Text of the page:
Many people are drawn to running because of its minimalist nature. Shoes and shorts are all that are really needed (a shirt may be added for modesty). But thinkers are often drawn to running, and thinkers like numbers. So where do those numbers come from?
In the old days, runners would usually purchase a running watch, such as a Timex Ironman, that would tell the runner how long they had been running, in addition to what the time and date were. More advanced models could be set to beep at predetermined intervals and record lap times. Here is an early model that could only store 8 laps:
Next, the heart rate monitor was introduced. Number geeks were in heaven! Essentially, a chest strap was worn which transmitted data to a receiver worn on the wrist which was similar to a running watch, but usually a little bigger. Now, runners could train based on physical exertion as determined by the runner’s heart rate, usually as a percentage of maximum heart rate. Of course, interference from electrical lines, crosstalk from your friend’s heart rate monitor, hydration, and illness could all mess with your readings. Here is an early Polar heart rate monitor:
The drawback to the running watch and heart rate monitor as that while it told you how long you had been running, it didn’t tell you how far or how fast. There were a couple of models of running watches which were paired with a footpod which attempted to answer those questions by counting strides and computing speed and distance based on an average stride length, but calibrating them was an inaccurate science and they were fairly bulky and expensive. While a few runners used them, most did not.
Then came a major breakthrough in running technology, the GPS (Global Positioning System) running watch! With a high degree of accuracy, runners could now know speed, distance, pace, and many other measures. Some models also integrated heart rate into their system. The two drawbacks were size and price. Here is a very early Garmin Forerunner GPS watch. Note how that it is so big that it had to be designed sideways!
The next generation of GPS watches was smaller, and more closely resembled a traditional running watch, as in this Garmin Forerunner 305:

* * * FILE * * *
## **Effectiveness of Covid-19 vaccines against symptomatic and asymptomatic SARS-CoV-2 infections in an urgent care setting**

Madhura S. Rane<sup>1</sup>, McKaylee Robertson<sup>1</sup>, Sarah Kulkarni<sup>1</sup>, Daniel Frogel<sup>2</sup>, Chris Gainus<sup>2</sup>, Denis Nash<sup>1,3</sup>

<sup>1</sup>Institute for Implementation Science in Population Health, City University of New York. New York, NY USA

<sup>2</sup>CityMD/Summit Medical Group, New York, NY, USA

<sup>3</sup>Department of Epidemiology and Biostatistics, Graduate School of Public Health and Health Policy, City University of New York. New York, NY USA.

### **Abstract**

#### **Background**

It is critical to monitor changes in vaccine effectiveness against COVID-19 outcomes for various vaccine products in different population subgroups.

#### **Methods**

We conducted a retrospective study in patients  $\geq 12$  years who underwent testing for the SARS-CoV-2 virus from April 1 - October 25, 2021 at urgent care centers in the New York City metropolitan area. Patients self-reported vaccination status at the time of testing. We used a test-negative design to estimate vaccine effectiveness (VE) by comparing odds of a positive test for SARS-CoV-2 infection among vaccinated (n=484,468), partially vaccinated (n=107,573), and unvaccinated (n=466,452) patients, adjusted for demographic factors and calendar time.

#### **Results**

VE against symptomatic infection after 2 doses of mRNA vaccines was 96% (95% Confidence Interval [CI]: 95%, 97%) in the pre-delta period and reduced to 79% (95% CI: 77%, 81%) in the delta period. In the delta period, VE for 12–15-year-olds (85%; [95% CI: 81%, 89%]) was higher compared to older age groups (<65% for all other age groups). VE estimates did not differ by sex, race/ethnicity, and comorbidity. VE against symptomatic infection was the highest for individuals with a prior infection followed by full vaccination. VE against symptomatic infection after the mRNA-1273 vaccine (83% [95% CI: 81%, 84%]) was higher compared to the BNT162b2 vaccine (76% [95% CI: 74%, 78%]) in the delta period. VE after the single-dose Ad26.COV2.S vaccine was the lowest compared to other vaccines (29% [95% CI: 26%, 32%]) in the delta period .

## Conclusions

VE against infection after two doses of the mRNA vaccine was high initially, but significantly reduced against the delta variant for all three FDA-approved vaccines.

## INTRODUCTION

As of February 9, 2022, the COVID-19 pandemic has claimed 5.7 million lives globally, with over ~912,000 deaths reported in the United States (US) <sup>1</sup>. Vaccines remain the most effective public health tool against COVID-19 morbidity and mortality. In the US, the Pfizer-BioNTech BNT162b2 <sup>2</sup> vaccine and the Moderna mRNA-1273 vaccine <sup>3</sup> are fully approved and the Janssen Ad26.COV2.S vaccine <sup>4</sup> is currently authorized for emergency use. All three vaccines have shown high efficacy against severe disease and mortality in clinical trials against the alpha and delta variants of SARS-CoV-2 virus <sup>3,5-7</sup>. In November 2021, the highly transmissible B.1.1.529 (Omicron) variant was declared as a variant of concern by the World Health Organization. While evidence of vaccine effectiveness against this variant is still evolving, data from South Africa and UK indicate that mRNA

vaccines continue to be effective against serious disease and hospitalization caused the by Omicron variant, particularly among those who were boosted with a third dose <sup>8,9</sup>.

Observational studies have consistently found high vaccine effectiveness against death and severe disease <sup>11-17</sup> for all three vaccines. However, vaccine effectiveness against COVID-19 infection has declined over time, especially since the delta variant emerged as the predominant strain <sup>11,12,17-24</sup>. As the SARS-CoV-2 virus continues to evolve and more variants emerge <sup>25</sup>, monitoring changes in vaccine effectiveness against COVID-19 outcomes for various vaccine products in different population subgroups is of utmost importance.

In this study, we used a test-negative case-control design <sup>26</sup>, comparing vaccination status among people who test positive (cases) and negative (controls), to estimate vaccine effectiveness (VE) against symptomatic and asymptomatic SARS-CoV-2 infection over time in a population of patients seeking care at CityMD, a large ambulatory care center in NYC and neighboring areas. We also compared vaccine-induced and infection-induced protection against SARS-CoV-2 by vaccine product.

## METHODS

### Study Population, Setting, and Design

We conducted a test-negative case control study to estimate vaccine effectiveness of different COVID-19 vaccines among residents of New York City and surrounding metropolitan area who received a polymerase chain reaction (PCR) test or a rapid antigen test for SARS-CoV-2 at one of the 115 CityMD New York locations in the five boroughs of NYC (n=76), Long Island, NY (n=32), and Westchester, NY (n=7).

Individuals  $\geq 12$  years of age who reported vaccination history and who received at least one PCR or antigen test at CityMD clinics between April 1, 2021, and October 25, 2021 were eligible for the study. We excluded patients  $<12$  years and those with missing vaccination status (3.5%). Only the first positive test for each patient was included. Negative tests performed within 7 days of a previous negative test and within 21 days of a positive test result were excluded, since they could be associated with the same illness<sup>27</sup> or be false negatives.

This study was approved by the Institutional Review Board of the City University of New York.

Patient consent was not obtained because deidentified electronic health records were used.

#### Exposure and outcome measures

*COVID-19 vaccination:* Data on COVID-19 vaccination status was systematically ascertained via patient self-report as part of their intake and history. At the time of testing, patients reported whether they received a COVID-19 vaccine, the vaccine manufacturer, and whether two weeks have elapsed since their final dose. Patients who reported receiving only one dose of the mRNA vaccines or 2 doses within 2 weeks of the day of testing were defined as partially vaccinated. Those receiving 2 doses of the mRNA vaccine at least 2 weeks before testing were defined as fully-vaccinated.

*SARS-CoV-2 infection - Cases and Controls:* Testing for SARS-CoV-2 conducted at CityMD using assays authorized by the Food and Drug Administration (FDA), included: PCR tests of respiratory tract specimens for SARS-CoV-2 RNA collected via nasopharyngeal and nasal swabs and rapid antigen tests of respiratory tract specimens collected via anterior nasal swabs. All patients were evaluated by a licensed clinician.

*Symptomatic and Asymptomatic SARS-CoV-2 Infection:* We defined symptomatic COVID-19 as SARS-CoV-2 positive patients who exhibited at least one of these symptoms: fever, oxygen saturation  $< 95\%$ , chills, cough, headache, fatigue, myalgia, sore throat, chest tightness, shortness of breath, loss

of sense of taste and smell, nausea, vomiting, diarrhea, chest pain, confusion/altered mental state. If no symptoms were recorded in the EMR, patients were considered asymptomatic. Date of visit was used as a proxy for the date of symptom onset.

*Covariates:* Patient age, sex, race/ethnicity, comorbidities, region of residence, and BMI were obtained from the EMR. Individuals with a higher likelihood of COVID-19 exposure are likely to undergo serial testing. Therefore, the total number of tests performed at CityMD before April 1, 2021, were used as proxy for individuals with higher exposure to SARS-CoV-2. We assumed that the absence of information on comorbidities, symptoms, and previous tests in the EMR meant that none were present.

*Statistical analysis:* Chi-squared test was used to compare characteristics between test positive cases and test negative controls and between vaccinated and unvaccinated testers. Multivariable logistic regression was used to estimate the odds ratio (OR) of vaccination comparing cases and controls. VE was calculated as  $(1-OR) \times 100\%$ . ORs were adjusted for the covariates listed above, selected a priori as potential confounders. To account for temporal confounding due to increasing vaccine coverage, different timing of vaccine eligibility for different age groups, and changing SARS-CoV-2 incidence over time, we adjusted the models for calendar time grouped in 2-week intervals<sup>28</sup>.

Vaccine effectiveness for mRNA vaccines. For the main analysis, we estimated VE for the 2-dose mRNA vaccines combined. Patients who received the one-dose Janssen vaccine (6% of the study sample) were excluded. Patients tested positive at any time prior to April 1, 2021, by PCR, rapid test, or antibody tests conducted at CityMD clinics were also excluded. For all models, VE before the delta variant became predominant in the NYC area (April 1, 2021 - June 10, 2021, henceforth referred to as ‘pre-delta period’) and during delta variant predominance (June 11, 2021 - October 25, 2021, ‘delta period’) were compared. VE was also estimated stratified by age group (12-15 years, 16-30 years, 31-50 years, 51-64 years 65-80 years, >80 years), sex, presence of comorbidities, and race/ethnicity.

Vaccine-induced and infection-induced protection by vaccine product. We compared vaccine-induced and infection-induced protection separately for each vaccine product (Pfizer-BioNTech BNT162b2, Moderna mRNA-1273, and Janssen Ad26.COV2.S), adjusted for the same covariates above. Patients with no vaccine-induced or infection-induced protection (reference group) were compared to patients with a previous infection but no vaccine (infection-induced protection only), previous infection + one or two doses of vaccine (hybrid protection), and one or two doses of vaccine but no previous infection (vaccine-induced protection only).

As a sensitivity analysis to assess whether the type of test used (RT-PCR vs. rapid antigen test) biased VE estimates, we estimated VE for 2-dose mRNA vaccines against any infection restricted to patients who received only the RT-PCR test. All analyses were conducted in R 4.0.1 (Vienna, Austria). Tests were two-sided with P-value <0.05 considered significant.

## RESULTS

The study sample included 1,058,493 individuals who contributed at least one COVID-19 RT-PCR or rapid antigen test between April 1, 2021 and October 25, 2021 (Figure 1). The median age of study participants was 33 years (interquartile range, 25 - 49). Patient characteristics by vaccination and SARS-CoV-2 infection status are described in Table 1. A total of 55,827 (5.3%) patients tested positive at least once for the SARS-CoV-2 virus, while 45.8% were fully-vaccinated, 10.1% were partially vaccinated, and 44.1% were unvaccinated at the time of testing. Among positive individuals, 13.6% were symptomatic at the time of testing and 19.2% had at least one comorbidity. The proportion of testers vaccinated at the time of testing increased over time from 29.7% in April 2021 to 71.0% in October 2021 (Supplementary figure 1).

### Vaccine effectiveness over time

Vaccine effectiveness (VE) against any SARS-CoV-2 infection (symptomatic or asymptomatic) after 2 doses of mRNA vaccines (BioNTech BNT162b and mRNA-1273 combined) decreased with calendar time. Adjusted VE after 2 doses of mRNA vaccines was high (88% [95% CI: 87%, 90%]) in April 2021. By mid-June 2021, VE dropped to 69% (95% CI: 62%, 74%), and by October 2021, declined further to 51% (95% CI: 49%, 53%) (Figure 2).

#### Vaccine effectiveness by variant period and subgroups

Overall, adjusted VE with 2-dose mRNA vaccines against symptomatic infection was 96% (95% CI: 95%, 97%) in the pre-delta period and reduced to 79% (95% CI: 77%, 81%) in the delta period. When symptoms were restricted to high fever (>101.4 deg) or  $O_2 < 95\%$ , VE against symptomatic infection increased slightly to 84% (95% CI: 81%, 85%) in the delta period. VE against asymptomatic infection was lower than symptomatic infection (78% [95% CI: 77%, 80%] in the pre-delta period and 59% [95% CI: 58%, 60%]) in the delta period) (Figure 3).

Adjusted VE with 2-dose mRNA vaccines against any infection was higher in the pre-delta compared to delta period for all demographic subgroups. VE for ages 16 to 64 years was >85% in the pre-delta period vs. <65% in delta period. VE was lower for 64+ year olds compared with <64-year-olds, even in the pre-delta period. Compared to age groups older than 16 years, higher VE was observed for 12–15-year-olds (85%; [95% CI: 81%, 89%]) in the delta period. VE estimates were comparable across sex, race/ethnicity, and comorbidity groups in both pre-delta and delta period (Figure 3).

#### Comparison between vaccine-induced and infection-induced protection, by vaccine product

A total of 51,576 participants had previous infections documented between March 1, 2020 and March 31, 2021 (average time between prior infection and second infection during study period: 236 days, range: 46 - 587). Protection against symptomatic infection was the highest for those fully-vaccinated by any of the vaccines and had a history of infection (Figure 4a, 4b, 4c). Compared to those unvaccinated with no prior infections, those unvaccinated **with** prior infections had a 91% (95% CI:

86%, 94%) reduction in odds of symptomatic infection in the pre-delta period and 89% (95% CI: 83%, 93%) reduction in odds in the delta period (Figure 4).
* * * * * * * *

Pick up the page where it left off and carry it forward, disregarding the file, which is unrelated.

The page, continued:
As time went on, new features were added, such as an altimeter, compass, etc. Also, new models had functions that could be used on the bicycle, such as cadence and power. This was good news for triathletes. Here is the Garmin Forerunner 310XT, which was also waterproof:
The only real problems were that it was still bulky, didn’t fit small wrists well, and didn’t accurately measure distance in the water. Also, a chest strap was still needed for heart rate date. One particularly smart innovation by Garmin, which definitely supported brand loyalty, was the introduction of Garmin Connect. This is a free website which allows the user to upload all of their training data to a program which tracks activities, training plans, maps, personal records, and a plethora of other information. Here is a screenshot:
The latest innovation in running technology is optical heart rate monitors. Instead of a chest strap, the underside of the watch optically monitors and reports heart rate. The TomTom Multisport Cardio:
Now that you know the history, how do you pick the right wearable technology for you? Here are 4 things to remember when shopping for a GPS watch:
So that brings you up to speed on wearable technology. Check back at StrideTek often for articles on using technology in your training, as well as articles on weight loss, nutrition, training plans, and many other interesting topics!
Larry LaHodny has a B.S. in Physical Education, with Emphasis in Sports Medicine from Willamette University and an M.B.A. from National University. Larry has over 20 years’ experience coaching runners, including at the youth, high school, and adult level. Larry has trained National Champions, All-Americans, State Champions, and Boston Marathon qualifiers.